Feb. 18, 2011
For Immediate Release
By Ariana Johnson, student news writer
CAMPBELLSVILLE, Ky.-- Eleanor Jordan, executive director of the Kentucky Commission on Women in Frankfort, Ky., will be speaking at the Kentucky Heartland Institute on Public Policy (KHIPP) event Tuesday, March 1 at 5 p.m. in the Banquet Hall of the Badgett Academic Support Center on the campus of Campbellsville University, located at 110 University Drive, Campbellsville.
| Eleanor Jordan
The event is free and open to the public as well as CU faculty, students and staff. Students will receive chapel credit.
Jordan will be honored as one of the Women of Distinction by the Center for Women and Families in Louisville on Feb. 23.
Her address at CU is in conjunction with Women's History Month.
As executive director of the Kentucky Commission on Women, Jordan works with local, state and national leaders to improve the economic status of women and girls in the Commonwealth. Jordan is the first African-American to be appointed to this post since the commission’s initial creation in 1964.
During her time in the Kentucky legislature, Jordan gained a reputation for being a strong advocate for women and children. From 1996 to 2000, she served in the Kentucky General Assembly representing House District 42.
Jordan is recognized as an outstanding leader in the community and profiled on the Music Television (MTV) and the British Broadcasting Company (BBC) networks. She has appeared in Black Journal and MS magazines, as well as profiled in “Kentucky Women” by Eugenia Potter.
In addition to her service with the state legislature, Jordan has spent her career dedicated to public service. She has served as the executive director of the Iroquois Child Development Center and the Baptist Fellowship Childcare Ministry in Louisville, the Elder Abuse Commission, the Jefferson County Domestic Violence Prevention Coordinating Council, the Library Commission and the Community Coordinated Child Care Board. She serves on the board of directors of the California Child Care and Iroquois Child Care Centers.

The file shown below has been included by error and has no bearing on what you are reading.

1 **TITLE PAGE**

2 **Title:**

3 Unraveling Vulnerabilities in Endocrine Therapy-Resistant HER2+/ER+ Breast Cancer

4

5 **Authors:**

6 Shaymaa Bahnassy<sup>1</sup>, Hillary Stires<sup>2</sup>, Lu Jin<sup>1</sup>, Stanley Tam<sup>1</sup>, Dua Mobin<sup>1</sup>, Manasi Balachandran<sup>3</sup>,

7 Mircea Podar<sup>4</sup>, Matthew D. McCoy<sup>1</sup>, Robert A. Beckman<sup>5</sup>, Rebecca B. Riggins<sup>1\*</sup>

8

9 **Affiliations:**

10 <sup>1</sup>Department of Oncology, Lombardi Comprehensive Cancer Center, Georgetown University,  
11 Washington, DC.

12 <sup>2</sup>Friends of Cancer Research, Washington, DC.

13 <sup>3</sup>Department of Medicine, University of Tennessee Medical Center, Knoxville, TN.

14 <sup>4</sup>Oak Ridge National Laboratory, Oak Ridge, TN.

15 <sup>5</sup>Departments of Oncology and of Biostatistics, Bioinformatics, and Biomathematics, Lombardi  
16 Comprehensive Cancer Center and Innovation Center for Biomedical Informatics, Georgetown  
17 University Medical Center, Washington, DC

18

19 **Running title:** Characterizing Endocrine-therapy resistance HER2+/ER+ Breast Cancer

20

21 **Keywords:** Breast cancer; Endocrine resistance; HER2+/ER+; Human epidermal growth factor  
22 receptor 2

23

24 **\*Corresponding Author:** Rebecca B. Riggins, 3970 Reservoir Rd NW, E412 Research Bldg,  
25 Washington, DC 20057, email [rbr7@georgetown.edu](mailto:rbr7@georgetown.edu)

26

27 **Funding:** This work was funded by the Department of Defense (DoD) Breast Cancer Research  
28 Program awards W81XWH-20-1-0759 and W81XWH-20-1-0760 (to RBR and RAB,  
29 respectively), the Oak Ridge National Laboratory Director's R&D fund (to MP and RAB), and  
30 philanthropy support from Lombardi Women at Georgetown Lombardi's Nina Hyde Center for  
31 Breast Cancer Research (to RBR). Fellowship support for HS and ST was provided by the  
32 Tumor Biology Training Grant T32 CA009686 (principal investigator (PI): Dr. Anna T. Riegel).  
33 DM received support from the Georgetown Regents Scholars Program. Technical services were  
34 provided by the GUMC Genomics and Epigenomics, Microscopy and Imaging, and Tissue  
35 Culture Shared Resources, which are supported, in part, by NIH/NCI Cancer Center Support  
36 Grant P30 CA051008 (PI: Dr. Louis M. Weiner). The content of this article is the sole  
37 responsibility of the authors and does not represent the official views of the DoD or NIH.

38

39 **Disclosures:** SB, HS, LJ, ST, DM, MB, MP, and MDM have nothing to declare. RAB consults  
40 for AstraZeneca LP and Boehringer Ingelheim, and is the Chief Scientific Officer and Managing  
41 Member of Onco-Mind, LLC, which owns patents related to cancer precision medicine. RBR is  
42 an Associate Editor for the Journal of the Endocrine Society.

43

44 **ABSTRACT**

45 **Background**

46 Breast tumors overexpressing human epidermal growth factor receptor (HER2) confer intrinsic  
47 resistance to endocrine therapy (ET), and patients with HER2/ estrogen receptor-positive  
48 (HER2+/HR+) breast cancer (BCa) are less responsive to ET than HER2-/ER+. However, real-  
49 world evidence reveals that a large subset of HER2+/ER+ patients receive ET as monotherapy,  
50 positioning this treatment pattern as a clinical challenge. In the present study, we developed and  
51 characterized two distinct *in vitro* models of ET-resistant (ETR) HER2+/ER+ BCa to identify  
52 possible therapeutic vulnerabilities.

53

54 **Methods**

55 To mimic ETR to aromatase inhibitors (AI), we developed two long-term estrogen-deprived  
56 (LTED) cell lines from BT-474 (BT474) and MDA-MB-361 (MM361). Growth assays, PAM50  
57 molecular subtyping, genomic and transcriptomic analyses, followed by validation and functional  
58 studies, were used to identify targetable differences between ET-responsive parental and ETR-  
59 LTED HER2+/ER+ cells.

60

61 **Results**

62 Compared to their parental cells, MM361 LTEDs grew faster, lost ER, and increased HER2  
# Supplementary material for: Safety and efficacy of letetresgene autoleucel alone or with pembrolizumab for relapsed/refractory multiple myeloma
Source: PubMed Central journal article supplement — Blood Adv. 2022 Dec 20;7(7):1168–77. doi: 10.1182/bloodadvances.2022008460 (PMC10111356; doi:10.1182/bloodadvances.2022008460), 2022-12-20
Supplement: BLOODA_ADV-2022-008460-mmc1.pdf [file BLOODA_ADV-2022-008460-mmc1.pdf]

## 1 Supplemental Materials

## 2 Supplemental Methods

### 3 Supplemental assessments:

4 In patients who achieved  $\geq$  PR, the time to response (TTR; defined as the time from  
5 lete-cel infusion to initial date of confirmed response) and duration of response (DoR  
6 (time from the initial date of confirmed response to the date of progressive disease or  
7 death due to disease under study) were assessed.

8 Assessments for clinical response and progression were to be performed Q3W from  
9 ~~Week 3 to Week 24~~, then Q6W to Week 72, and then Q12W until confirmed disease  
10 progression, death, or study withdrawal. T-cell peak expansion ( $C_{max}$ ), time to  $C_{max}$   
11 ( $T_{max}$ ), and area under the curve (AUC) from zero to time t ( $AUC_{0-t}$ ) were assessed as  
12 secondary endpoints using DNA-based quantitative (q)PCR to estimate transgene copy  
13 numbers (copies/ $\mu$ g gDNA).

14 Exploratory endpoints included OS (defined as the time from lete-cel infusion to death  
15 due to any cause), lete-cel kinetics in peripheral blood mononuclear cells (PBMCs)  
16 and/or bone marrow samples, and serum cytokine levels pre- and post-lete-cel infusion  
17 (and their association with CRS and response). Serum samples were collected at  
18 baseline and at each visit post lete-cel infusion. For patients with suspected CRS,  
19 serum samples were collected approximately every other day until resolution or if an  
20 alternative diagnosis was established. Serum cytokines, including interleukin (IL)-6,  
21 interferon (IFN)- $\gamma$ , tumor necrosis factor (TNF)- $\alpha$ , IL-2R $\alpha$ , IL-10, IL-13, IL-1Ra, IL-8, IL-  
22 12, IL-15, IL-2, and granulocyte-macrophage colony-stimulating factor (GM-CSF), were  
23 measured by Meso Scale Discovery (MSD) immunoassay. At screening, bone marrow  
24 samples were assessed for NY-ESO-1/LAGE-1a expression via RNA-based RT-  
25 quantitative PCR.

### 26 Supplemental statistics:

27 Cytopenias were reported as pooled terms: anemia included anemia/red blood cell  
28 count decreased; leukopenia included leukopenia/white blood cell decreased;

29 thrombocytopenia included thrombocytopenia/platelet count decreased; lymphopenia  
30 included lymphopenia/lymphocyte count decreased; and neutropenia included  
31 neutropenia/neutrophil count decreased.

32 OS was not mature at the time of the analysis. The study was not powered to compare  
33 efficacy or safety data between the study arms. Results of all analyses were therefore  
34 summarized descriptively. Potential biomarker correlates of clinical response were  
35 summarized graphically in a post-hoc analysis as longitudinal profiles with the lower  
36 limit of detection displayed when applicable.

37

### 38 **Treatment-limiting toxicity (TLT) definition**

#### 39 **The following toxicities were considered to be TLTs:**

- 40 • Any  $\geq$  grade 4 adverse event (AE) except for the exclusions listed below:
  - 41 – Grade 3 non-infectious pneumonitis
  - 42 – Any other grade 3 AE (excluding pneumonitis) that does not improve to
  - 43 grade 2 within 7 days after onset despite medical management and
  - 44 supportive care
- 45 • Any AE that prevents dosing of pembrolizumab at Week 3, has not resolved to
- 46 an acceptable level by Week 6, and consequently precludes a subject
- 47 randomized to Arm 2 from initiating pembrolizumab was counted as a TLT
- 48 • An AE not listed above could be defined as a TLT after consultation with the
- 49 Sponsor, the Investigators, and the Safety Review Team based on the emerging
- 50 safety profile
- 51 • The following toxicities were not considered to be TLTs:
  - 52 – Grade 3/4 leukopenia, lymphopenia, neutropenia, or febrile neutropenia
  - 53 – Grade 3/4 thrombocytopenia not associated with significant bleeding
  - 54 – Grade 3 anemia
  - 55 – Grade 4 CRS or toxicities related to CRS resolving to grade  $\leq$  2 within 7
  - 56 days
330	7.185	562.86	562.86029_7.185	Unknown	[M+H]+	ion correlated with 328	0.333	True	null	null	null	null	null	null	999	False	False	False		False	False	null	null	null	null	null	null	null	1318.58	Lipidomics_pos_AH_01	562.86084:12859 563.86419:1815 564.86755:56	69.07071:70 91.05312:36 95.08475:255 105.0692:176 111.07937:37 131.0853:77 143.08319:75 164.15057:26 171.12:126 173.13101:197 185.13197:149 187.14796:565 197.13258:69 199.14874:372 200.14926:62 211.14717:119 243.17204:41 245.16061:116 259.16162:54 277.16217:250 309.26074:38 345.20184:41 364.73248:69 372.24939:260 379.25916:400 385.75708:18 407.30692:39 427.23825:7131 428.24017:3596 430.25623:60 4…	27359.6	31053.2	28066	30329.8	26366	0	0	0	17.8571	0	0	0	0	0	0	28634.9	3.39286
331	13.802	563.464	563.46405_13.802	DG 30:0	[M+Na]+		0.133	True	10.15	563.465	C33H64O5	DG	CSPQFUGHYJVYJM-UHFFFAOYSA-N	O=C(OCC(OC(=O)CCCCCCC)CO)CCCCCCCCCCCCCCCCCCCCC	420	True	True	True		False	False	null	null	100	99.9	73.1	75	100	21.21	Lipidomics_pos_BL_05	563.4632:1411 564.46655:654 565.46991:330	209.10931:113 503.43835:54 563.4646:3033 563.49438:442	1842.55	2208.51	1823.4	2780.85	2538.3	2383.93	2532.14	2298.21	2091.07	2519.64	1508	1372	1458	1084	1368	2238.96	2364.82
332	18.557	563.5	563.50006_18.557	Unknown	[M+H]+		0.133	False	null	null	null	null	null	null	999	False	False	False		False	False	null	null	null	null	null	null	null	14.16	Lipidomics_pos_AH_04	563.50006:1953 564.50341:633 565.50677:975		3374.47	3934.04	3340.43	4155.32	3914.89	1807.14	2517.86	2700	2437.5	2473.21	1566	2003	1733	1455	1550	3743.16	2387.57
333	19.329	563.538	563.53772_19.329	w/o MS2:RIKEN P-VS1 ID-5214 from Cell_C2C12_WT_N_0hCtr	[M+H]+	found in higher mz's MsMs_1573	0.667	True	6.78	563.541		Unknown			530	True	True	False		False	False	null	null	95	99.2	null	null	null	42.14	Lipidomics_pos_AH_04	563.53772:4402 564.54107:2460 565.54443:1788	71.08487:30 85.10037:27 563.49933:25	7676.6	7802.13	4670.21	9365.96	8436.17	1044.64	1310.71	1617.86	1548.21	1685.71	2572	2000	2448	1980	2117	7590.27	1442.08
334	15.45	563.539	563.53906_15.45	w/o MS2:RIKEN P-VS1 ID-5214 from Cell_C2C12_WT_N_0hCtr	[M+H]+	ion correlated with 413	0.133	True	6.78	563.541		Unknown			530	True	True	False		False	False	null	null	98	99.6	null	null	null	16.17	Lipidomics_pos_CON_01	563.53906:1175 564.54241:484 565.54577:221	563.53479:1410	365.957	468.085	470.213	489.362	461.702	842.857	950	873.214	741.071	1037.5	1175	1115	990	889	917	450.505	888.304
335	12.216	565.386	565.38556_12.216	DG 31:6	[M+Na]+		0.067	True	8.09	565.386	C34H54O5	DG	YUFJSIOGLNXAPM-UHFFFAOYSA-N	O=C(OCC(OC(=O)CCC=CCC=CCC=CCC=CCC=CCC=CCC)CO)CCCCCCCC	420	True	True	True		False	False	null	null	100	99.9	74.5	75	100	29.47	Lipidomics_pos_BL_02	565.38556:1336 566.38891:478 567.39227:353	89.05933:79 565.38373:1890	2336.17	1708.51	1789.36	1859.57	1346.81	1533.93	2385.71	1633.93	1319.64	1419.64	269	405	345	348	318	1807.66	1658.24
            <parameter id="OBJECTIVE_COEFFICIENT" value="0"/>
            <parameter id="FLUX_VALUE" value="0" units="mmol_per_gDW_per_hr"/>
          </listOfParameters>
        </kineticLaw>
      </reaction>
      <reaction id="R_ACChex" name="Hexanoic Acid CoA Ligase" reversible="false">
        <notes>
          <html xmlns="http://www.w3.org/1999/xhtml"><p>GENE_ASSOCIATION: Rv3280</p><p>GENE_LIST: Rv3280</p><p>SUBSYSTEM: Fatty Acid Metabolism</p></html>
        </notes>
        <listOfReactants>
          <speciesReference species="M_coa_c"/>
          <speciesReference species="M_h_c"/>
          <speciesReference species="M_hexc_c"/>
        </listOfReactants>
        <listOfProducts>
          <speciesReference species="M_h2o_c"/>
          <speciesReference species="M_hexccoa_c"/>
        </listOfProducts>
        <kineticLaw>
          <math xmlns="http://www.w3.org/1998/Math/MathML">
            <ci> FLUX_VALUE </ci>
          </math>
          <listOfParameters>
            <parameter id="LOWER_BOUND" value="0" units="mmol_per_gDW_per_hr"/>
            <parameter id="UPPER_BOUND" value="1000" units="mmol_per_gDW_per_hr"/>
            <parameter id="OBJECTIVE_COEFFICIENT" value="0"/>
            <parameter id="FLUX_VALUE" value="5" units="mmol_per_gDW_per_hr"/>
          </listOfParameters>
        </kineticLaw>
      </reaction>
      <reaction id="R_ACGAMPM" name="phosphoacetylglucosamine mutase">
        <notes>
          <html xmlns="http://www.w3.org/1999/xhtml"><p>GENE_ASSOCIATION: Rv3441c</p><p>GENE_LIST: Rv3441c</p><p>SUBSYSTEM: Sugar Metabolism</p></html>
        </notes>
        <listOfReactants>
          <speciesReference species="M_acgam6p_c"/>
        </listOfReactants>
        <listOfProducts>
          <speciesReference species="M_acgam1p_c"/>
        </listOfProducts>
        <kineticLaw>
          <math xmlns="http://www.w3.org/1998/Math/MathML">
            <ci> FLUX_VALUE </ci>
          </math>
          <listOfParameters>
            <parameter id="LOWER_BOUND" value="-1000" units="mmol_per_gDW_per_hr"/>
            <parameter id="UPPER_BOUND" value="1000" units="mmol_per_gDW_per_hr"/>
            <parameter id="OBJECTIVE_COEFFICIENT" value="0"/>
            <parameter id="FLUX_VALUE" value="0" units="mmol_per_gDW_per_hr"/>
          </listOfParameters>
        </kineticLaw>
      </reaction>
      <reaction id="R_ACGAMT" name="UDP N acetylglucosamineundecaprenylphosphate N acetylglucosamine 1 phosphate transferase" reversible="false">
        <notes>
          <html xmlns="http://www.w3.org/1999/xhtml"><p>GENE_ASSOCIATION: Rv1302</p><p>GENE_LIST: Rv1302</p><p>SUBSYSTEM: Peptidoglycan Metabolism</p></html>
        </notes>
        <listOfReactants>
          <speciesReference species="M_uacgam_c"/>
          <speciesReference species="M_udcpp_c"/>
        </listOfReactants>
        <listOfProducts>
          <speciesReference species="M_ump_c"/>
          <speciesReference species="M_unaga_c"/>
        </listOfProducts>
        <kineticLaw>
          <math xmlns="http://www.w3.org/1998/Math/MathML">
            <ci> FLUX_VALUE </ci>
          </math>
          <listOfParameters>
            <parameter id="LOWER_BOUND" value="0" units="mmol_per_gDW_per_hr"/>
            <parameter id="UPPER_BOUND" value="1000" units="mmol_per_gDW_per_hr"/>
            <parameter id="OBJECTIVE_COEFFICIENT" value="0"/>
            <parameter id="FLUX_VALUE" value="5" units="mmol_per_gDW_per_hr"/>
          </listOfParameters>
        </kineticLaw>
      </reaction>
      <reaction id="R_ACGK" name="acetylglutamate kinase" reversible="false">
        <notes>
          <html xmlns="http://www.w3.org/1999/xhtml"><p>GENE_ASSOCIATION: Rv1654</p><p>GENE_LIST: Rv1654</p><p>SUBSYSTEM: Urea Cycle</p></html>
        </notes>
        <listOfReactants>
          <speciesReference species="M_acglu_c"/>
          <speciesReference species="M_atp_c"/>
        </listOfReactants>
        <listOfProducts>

In 2001, Gov. Paul Patton appointed Jordan as ombudsman for the Kentucky Cabinet for Families and Children, where she served the next three years. Since then, Jordan has worked as a principal assistant in the office of the Attorney General. In this capacity, she acted as the minority affairs liaison and coordinated consumer affairs outreach. She also chaired the Kentucky Child Support Enforcement Commission.
Jordan has often been recognized as an outstanding leader in the community. Among her many honors are the Public Advocate of the Year Award, the Stand Up for Children Award from Jefferson County Schools, the Martin Luther King Jr. Award from the University of Louisville and the Women’s Advocate of the Year Award from the University of Kentucky.
Jordan attended Western Kentucky University. She resides in Louisville and has three grown children.
John Chowning, vice president for church and external relations and executive assistant to the president, and who is the founder of KHIPP, said KHIPP focuses its attention on “facilitating public policy study and issues debate, while encouraging the involvement of Christian leaders in the public and civic arenas.”
“KHIPP invites you, the concerned citizen and student of the American political process, to attend one or more events to be presented this spring on the campus of Campbellsville University,” he said.
Campbellsville University is a widely acclaimed Kentucky-based Christian university with over 3,000 students offering 63 undergraduate programs, 17 master’s degrees and five postgraduate areas. The website for complete information is campbellsville.edu.
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Fri, February 18, 2011
by Joan McKinney